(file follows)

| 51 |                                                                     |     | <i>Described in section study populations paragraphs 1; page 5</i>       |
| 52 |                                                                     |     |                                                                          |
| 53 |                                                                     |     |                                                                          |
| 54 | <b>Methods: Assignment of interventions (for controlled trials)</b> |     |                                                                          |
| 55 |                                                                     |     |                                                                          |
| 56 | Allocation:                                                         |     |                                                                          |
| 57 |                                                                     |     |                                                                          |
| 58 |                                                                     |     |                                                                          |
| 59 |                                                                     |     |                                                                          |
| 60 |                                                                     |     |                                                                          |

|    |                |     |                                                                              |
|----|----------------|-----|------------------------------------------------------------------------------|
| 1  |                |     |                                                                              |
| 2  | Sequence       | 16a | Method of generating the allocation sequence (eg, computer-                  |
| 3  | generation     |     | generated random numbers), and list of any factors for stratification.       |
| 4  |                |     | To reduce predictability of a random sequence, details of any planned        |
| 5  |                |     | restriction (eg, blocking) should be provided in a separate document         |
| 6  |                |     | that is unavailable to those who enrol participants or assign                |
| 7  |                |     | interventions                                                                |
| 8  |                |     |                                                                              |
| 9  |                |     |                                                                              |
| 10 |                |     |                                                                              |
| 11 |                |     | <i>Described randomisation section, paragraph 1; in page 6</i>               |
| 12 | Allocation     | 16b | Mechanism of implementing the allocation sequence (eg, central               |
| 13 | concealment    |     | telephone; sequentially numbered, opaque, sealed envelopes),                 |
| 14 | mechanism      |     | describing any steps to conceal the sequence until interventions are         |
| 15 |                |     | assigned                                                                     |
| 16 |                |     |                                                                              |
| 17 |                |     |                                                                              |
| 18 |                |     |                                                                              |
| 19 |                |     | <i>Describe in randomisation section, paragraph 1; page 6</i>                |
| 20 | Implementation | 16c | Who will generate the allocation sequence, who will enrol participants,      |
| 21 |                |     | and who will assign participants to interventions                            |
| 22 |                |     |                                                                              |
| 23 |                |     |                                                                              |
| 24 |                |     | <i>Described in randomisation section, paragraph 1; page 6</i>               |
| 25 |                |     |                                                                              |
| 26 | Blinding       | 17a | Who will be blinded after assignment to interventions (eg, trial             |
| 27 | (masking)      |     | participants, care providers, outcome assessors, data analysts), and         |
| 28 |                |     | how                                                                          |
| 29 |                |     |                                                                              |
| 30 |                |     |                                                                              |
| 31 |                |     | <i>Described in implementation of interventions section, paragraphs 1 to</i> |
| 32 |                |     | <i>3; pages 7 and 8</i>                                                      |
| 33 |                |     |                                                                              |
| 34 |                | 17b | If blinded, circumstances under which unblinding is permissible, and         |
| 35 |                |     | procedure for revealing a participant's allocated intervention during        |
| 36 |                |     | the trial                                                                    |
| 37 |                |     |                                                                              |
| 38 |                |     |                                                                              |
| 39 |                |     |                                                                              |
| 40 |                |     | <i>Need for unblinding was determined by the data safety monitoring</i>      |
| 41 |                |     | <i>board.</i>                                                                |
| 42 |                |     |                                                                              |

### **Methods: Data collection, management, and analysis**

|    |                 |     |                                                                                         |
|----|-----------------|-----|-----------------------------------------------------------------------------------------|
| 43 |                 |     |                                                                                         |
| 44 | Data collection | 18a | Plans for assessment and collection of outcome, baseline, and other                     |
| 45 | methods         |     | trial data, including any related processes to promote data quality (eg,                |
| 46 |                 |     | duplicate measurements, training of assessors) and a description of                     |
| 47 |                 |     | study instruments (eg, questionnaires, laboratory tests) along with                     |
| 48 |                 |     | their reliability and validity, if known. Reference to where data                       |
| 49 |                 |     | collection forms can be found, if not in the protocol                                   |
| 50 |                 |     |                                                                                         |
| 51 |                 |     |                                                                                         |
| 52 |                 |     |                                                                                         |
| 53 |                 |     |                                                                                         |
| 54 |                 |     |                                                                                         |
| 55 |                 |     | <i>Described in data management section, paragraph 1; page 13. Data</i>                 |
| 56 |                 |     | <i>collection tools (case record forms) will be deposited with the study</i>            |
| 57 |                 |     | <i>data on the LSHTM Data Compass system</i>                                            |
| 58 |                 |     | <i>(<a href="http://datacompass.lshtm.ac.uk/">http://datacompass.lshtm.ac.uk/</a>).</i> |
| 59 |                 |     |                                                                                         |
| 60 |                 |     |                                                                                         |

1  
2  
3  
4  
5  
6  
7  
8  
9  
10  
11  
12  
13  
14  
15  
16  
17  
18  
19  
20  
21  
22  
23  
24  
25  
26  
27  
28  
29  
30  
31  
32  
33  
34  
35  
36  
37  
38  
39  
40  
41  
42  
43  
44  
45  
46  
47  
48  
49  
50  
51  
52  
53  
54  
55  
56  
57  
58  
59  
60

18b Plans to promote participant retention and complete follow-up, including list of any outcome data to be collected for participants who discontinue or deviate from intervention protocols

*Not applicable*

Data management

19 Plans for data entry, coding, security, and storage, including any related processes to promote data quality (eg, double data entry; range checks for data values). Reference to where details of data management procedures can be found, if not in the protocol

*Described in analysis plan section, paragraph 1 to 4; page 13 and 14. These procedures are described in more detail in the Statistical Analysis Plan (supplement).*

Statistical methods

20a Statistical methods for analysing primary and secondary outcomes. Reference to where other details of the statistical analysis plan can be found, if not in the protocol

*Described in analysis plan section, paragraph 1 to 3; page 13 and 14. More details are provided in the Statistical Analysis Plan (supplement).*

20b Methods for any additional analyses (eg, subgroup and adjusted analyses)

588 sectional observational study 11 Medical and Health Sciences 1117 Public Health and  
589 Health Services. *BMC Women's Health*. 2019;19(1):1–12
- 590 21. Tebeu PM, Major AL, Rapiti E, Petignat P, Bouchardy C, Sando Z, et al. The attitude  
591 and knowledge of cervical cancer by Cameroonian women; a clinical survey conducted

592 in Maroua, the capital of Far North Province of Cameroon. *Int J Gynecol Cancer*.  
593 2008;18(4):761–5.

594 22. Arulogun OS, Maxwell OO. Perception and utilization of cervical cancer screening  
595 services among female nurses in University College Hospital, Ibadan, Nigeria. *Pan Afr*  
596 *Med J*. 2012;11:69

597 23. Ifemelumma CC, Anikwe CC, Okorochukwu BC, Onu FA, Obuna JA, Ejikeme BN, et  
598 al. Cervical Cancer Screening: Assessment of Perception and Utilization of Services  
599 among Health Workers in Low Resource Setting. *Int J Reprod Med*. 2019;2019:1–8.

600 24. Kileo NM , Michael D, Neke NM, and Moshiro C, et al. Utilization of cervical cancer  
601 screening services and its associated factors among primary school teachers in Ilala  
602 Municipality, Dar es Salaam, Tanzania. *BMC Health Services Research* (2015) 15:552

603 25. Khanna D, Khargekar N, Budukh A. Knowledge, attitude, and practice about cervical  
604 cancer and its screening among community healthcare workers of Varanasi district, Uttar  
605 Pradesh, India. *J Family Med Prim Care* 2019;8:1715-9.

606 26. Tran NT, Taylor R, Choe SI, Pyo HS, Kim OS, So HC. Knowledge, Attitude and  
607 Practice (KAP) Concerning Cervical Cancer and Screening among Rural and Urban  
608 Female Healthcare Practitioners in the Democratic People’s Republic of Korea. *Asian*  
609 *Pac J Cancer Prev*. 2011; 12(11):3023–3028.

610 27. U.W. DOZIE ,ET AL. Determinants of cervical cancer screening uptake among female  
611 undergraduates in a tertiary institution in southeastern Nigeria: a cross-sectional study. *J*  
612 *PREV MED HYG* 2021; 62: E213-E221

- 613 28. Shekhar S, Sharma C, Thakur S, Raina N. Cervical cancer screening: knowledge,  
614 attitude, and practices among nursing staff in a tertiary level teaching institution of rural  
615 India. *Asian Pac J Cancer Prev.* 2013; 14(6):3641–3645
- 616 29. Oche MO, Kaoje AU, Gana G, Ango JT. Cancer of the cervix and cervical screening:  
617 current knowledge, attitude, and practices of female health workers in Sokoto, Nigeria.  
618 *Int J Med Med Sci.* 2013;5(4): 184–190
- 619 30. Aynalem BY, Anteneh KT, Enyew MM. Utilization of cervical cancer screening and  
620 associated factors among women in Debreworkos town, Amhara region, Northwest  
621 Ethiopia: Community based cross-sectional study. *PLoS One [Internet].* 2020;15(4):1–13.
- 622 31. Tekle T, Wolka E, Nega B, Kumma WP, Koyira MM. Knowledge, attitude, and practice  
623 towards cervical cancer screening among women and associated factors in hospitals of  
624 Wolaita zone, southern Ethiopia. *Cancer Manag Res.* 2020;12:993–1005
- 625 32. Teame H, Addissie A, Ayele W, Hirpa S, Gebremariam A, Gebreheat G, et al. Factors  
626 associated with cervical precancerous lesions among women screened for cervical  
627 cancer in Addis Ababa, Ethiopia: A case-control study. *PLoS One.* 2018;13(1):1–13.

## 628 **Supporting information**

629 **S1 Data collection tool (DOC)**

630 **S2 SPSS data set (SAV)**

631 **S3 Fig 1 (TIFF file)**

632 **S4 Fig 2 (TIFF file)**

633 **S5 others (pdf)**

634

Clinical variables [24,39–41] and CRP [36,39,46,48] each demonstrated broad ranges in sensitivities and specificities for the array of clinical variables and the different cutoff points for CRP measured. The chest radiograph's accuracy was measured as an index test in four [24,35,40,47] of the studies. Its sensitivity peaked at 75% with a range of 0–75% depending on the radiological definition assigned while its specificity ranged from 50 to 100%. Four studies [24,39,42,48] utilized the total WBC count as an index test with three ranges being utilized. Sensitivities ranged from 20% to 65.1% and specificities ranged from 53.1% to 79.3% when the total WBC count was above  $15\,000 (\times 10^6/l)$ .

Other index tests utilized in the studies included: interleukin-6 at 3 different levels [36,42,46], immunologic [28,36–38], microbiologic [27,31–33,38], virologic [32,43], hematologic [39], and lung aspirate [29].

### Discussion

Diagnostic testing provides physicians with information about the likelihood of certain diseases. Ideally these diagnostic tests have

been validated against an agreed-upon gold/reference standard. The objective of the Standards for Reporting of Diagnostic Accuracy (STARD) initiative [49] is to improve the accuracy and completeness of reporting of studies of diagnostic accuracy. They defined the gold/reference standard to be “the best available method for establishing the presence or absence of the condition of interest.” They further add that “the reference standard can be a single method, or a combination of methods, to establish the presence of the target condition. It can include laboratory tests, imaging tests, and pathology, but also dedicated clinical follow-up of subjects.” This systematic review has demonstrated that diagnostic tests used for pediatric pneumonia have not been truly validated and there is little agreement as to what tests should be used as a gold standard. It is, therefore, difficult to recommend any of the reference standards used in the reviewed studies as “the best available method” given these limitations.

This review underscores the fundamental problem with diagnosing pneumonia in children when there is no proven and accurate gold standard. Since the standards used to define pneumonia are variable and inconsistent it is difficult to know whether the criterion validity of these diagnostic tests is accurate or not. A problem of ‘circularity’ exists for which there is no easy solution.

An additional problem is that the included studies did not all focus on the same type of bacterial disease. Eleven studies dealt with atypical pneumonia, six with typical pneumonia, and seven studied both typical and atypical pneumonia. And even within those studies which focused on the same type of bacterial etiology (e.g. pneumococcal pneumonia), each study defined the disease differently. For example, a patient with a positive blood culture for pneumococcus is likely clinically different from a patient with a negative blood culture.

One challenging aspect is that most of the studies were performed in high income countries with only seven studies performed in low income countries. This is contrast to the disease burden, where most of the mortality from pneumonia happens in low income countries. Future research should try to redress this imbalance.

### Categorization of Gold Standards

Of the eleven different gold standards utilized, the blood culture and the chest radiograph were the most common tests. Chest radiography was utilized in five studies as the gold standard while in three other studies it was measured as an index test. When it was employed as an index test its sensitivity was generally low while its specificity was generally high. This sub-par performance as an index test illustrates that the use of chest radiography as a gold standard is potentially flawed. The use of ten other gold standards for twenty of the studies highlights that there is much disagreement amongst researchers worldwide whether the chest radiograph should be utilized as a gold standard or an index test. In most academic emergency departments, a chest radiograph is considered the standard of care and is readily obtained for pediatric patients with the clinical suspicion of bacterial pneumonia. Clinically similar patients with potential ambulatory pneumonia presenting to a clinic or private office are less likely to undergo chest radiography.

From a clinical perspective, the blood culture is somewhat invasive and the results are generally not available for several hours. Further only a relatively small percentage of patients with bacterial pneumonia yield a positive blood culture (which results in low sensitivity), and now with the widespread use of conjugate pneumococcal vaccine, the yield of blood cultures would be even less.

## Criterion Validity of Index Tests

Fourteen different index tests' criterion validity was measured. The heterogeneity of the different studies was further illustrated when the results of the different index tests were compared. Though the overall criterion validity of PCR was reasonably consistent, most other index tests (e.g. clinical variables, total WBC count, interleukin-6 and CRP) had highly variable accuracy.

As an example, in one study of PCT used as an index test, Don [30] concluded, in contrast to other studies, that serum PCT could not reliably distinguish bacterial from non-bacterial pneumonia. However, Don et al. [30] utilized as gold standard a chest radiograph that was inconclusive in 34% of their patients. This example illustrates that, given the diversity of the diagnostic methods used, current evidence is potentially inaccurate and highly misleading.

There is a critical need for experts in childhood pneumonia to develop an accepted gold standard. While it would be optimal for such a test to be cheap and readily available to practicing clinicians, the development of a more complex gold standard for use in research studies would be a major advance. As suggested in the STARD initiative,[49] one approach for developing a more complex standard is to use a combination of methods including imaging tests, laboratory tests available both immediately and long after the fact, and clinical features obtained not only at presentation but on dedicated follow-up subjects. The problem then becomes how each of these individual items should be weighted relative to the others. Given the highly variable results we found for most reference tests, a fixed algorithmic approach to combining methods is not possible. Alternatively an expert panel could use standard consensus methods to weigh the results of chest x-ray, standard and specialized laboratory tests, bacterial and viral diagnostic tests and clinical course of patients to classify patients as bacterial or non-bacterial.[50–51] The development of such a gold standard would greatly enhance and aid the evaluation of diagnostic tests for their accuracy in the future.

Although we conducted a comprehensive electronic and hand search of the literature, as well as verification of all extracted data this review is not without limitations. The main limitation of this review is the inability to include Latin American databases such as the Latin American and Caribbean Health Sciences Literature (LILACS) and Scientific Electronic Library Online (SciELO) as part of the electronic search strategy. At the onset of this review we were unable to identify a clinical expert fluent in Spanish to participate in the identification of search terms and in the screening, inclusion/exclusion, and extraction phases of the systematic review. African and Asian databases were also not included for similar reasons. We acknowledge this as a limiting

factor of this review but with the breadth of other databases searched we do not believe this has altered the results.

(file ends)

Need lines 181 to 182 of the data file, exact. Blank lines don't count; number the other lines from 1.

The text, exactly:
624 Wolaita zone, southern Ethiopia. *Cancer Manag Res.* 2020;12:993–1005
- 625 32. Teame H, Addissie A, Ayele W, Hirpa S, Gebremariam A, Gebreheat G, et al. Factors  